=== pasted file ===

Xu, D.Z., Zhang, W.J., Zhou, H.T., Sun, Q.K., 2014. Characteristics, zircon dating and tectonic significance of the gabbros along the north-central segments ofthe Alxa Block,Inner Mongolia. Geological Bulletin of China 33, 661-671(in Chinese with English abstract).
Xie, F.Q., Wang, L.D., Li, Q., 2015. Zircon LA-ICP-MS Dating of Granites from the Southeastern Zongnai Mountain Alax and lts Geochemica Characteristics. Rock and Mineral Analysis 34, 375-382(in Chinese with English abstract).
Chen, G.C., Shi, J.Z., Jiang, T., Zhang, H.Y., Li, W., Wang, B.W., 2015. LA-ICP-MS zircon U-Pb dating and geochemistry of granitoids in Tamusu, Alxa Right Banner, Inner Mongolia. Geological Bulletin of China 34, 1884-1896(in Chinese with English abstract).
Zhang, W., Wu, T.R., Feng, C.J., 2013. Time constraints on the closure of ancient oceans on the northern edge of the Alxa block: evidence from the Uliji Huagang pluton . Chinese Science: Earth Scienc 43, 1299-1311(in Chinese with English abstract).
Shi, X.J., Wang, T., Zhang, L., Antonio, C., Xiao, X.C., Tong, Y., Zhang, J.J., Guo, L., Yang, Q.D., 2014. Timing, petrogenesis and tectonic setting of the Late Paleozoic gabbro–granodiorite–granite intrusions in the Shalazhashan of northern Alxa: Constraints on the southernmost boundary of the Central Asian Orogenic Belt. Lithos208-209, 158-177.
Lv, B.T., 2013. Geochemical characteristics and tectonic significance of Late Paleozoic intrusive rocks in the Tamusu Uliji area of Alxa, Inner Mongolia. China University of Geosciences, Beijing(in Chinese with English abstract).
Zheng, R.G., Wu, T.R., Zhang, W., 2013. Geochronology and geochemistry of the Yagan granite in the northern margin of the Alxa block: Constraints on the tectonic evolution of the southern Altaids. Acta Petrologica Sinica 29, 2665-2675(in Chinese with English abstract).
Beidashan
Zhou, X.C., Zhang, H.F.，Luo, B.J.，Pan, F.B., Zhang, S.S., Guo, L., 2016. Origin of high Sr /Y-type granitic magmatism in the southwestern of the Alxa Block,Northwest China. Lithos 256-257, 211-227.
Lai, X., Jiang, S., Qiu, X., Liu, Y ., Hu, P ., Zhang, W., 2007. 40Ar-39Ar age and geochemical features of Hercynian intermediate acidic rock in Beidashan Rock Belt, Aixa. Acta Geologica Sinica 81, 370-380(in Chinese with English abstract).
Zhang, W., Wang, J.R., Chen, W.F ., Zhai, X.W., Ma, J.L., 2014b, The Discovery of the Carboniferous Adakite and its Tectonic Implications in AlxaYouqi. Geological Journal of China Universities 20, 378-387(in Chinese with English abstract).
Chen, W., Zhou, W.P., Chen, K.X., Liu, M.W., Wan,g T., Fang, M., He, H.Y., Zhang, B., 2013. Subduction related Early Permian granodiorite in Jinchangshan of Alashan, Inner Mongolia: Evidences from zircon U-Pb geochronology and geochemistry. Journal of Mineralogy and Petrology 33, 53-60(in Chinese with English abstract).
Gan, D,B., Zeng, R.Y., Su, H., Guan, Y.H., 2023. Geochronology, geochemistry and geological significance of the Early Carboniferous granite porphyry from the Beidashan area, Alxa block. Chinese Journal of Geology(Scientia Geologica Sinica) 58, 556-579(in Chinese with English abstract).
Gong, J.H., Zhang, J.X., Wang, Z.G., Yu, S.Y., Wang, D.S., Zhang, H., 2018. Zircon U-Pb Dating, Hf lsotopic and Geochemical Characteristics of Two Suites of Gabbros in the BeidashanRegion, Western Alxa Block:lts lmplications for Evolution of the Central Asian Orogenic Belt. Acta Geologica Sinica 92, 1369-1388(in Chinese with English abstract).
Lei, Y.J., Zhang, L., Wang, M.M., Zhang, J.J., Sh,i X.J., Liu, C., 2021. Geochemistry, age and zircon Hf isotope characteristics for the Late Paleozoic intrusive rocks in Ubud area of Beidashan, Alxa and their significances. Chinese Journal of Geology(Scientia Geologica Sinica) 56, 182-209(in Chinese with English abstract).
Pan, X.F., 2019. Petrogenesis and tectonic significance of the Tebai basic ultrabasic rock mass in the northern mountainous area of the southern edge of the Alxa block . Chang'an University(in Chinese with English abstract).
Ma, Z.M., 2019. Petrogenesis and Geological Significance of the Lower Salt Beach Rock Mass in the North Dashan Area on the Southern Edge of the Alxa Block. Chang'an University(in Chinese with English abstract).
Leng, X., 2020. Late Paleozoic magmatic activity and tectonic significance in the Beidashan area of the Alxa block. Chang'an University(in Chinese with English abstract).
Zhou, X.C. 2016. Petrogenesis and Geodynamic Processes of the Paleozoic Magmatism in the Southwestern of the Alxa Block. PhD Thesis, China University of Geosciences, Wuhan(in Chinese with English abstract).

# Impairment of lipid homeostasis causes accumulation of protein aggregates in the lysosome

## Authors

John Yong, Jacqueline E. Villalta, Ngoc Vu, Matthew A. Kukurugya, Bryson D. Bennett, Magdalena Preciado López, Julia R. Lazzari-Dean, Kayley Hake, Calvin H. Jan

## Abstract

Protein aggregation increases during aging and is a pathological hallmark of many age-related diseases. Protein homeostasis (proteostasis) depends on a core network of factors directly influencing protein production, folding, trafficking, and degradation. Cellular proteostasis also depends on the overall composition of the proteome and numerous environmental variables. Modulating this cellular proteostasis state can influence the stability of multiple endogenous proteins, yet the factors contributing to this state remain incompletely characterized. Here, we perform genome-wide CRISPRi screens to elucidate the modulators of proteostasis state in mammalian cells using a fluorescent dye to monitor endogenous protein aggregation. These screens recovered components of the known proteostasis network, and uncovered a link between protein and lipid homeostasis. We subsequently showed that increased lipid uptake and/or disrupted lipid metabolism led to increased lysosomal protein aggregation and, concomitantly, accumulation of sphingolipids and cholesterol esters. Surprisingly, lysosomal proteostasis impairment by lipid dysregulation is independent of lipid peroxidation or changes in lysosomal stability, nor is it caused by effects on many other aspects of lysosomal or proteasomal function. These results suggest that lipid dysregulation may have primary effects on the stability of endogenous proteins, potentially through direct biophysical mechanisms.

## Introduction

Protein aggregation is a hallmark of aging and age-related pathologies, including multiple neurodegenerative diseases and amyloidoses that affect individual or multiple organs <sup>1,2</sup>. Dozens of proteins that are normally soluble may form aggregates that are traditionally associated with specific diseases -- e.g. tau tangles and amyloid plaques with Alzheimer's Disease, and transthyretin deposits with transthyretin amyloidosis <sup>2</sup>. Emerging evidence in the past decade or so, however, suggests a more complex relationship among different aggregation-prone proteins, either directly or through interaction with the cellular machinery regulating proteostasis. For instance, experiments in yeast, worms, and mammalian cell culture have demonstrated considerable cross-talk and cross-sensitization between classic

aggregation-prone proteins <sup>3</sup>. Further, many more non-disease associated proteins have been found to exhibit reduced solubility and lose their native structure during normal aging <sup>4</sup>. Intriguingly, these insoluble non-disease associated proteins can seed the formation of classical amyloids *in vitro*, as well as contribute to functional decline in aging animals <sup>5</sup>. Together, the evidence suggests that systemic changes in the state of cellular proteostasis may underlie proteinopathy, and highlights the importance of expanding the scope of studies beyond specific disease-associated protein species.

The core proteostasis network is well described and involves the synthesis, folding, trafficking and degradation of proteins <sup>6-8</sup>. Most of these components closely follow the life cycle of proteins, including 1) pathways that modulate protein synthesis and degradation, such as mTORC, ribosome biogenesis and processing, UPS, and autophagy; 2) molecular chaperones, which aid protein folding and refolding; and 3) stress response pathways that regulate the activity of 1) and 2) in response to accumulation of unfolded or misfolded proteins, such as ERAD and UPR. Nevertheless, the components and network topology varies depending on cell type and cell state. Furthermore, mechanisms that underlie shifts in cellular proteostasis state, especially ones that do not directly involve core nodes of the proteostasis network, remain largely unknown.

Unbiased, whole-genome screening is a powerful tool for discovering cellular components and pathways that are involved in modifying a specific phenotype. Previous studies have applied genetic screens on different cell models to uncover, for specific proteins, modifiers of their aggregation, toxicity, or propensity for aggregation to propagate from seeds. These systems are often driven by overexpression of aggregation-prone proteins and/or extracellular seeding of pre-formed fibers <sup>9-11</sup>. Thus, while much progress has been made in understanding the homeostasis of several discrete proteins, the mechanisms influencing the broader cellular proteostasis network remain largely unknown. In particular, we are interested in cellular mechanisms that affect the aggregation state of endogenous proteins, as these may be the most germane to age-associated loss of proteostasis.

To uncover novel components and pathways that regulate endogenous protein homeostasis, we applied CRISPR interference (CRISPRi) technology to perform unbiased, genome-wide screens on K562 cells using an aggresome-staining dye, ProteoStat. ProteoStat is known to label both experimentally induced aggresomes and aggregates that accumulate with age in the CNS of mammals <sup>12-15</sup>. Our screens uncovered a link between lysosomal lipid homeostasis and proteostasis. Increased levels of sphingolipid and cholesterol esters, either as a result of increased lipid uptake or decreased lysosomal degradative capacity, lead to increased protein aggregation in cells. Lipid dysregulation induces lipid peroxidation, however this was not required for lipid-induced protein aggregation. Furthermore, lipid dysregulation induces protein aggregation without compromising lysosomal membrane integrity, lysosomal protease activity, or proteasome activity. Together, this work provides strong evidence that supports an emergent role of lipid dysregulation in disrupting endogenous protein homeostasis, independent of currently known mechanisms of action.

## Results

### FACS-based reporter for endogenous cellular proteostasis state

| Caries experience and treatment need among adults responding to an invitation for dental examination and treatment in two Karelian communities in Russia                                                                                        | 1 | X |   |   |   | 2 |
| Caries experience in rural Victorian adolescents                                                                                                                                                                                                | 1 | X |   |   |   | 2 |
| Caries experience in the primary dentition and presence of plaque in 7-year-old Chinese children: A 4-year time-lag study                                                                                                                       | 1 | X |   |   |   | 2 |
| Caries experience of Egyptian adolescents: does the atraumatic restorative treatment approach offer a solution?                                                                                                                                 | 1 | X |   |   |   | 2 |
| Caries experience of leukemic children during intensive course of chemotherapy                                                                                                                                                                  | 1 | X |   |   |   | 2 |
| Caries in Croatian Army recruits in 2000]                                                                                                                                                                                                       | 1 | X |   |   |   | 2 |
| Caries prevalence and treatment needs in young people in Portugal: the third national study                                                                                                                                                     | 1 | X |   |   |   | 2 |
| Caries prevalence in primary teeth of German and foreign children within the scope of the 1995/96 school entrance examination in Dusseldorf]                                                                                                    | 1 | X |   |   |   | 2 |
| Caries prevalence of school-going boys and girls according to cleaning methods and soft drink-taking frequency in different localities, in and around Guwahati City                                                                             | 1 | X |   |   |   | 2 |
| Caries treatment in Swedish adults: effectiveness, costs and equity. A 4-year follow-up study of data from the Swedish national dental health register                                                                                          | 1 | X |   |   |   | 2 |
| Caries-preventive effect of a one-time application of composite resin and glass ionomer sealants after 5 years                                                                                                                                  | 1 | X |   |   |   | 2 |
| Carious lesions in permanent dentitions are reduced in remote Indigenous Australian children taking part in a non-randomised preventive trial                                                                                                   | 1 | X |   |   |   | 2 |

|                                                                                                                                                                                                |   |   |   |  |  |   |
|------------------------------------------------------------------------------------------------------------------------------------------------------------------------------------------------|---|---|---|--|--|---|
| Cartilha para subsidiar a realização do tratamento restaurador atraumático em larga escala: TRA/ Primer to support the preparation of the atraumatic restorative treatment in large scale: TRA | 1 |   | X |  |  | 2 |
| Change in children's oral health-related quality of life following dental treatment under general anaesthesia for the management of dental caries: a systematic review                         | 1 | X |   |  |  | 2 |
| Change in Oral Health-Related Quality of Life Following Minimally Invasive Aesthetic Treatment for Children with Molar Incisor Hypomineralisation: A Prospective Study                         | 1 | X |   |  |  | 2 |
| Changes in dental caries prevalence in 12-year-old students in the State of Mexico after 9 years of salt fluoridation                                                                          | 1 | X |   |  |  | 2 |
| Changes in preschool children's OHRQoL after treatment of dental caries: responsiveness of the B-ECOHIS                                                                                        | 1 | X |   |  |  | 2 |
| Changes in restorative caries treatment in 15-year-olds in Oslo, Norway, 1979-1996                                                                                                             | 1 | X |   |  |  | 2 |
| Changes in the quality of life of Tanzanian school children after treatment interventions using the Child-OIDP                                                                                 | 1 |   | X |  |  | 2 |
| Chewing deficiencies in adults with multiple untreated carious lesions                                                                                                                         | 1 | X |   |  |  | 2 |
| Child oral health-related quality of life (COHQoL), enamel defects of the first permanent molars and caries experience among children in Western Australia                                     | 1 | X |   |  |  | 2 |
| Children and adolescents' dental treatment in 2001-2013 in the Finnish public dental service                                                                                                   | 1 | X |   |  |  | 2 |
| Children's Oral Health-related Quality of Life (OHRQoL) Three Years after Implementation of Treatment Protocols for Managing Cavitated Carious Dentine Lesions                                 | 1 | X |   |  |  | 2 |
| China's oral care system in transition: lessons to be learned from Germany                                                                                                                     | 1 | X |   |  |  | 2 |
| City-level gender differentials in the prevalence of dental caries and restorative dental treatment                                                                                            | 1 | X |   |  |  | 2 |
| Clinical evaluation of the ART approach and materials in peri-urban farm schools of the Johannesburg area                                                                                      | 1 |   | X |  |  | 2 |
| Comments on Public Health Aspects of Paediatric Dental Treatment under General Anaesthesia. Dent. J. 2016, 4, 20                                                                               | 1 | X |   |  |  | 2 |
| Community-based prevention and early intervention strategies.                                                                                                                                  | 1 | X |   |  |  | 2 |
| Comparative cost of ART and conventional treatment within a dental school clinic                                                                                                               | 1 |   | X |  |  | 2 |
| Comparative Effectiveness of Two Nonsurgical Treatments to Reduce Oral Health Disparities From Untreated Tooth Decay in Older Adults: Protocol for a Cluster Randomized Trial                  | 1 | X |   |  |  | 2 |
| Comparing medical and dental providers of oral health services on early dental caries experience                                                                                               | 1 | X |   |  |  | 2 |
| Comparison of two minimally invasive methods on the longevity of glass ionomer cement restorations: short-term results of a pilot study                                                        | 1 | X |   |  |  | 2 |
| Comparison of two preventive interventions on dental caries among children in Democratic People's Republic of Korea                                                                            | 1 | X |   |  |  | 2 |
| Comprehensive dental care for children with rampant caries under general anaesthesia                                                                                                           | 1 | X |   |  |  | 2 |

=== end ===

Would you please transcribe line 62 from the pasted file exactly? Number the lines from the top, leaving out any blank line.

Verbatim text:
| Community-based prevention and early intervention strategies.                                                                                                                                  | 1 | X |   |  |  | 2 |